How Much is Your Change Really Worth?

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(Courtesy of USA Coin Book)

The 2004 Wisconsin state quarter has a couple of variants resulting in an extra low leaf and an extra high leaf on the corn stalk.

In January of this year alone, the U.S. Mint produced over 919 million coins for public use according to www.coinnews.net. This, coupled with  how long the U.S. has been producing coinage (the first federally minted coins were distributed in March of 1793), means the odds are pretty good that there are some especially rare coins out there. So, instead of just getting rid of your spare change, why not to take a few minutes to see if you have some of the most rare and expensive coins ever minted in our country? Doing so could turn those few measly cents into a whole lot more!

Before you smash open your piggy banks, however, it is important to understand where and how U.S. coins are produced. In 1792, President George Washington appointed scientist, mathematician, and astronomer David Rittenhouse to be the first head of the U.S. Mint. Rittenhouse decided to locate the first mint in Philadelphia which was, at the time, the nation’s capital.  The first denominations of coinage in the U.S. included half-cents (copper), cents (also copper), half-dimes (silver), dimes (silver), quarters (silver), half-dollars (silver), dollar coins (silver), quarter-eagles ($2.50) (gold), half-eagles ($5.00) (gold), and eagles ($10) (gold). These denominations and their designs were changed in later years through several federal acts. 

Coins are minted today using what is called a die. A die, which is metal, is made by a negative impression of the design of the coin, and operated by pressing a blank piece of metal through the bottom and the top dies. They are then distributed to banks throughout the country and brought into circulation. Multiple mints have been active throughout history, however, the three that remain in operation today include those in Philadelphia, Denver, and San Francisco. There is a mint in West Point, New York, but it is only used for minting gold and silver bullion and other special coinage.

Most U.S. rare coins exist for two reasons: the first is limited mintage, and the second is accidental error. This mostly occurs when the metal in the die cracks or when the die is accidentally pressed twice. So, with all of this in mind, below are some of the most valuable U.S. coins that you could find in your wallet, pocket, or in between your couch cushions.

We will begin with a personal favorite of mine, the 1943 copper cent. According to www.usgov.mint, in 1943, the United States Army was constantly using copper to make ammunition shells for soldiers in World War II. To assist the war effort, the mint decided to use zinc plating on their cents instead of copper that year. Despite this, there were a few copper cents minted in 1943, but there are only 15-40 in existence today. While it is extremely unlikely that you will ever find one, there was once a 16-year old boy who found it in his lunch money. It is a subtle, yet rare error; specimens have been known to sell for anywhere from $100,000 – $1,700,000 at auction, so be on the lookout!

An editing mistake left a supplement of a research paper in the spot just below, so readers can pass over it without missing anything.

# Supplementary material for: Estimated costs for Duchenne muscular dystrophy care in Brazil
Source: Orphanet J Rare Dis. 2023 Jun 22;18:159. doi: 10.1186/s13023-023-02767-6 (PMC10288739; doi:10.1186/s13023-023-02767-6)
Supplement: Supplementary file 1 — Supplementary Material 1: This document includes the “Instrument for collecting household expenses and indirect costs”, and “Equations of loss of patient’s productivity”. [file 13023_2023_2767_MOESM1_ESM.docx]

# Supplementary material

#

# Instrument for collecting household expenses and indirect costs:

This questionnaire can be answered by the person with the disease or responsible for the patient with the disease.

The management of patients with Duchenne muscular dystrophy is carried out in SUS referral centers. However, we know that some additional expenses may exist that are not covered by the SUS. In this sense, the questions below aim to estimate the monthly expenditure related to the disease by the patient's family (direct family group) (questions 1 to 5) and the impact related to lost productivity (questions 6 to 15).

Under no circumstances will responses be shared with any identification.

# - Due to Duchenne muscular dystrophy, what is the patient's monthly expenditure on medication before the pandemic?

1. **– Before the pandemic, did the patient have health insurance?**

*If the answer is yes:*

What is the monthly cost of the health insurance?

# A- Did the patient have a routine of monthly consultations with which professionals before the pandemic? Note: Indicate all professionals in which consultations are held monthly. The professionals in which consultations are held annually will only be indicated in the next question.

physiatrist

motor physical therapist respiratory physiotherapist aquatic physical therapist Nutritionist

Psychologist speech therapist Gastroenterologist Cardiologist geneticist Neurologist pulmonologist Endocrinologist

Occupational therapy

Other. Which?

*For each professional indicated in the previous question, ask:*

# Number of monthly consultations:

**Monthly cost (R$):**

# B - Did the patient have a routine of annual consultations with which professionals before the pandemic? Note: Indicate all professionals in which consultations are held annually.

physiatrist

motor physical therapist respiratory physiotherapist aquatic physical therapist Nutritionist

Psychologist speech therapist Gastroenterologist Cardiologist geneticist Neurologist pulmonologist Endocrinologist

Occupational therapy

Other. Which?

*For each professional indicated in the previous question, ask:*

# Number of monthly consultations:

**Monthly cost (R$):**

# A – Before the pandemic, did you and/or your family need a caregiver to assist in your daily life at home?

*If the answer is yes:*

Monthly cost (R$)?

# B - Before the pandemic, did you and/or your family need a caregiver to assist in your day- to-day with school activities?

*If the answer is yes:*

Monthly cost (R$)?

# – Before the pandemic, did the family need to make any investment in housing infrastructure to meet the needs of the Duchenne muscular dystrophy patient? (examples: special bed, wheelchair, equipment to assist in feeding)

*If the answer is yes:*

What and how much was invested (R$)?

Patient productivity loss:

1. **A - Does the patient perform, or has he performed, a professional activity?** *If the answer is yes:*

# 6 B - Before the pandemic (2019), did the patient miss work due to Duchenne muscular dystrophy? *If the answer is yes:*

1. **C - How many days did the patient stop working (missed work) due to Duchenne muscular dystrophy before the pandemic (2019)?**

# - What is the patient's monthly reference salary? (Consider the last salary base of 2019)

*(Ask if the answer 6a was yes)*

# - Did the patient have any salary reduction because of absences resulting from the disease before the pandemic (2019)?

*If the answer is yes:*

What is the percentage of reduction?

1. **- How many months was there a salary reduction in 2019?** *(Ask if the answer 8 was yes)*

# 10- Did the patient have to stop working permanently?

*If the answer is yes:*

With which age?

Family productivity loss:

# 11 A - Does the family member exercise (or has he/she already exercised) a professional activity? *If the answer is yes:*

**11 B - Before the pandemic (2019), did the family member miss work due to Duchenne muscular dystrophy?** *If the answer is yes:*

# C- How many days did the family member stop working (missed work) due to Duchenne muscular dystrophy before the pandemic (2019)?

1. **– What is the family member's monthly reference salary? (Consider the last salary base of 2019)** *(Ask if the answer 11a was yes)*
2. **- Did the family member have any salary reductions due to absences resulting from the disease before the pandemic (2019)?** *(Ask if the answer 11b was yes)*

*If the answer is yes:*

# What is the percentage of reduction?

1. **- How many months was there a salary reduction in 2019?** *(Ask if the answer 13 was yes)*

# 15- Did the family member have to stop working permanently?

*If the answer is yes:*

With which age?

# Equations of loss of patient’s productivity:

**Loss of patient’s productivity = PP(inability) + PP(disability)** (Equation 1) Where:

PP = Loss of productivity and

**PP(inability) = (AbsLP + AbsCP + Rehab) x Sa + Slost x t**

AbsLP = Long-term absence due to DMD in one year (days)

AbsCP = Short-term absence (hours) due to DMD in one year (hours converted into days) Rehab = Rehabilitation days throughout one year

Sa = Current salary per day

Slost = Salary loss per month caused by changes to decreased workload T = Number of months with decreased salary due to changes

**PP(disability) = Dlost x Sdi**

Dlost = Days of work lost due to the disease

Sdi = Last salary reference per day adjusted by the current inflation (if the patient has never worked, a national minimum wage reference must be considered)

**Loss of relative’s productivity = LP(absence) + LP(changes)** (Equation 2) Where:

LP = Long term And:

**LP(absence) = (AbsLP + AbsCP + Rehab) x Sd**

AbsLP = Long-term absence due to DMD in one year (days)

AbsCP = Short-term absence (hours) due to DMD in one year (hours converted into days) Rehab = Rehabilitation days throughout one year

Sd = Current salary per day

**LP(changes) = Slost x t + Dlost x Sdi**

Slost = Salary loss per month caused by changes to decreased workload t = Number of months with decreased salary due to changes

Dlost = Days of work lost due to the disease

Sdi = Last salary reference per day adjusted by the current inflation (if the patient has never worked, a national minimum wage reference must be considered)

The next coin is a more common, yet still valuable one. In 2004, while the Wisconsin state quarter was being minted, a slight error caused a particularly obscure error. If you look closely at the corn on the reverse of a quarter with the error, you will notice an extra leaf. This error has resulted in such coins selling  for between $1,000 – $1,200, and there is a good chance that you may find this quarter as it is only 17 years old!

Another more common error is one from 1982. A mint employee forgot to add the mint mark to a die. The mint mark is a small abbreviation that denotes which mint the coin is from, and this resulted in a series of Philadelphia Roosevelt dimes missing the traditional mint mark. To identify this error, you must look below the date on a 1982 dime, and if there is nothing there, then you are in luck! A good specimen of this dime will most likely retail for about $250.

The final coin is a 2005 nickel. In that year, the mint released a special series of nickels commemorating Lewis and Clark’s journey to the westward frontier, and one of the designs on the reverse included a buffalo. The animal is an homage to the buffalo nickel initially released in 1913 which was designed by James-Earle Fraser. On this nickel, you may find what looks to be a spear running through the bison’s back; that is actually an error! Coins with this interesting error can go for around $1,200.

So what’s the best way to find these rare coins? The foremost and easiest way is simply to dig through your pocket change. Ask members of your family for any coins they may have, and/or do a little research yourself. If you enjoy the hobby, I recommend getting started by purchasing a guide to U.S. coins. There are a number of them available, however, I recommend the Red Book published yearly by Whitman. Alongside this, go to your local bank and exchange some bills for some coin rolls of your choosing They almost certainly have a few, and when you get them, bring them home, and start searching!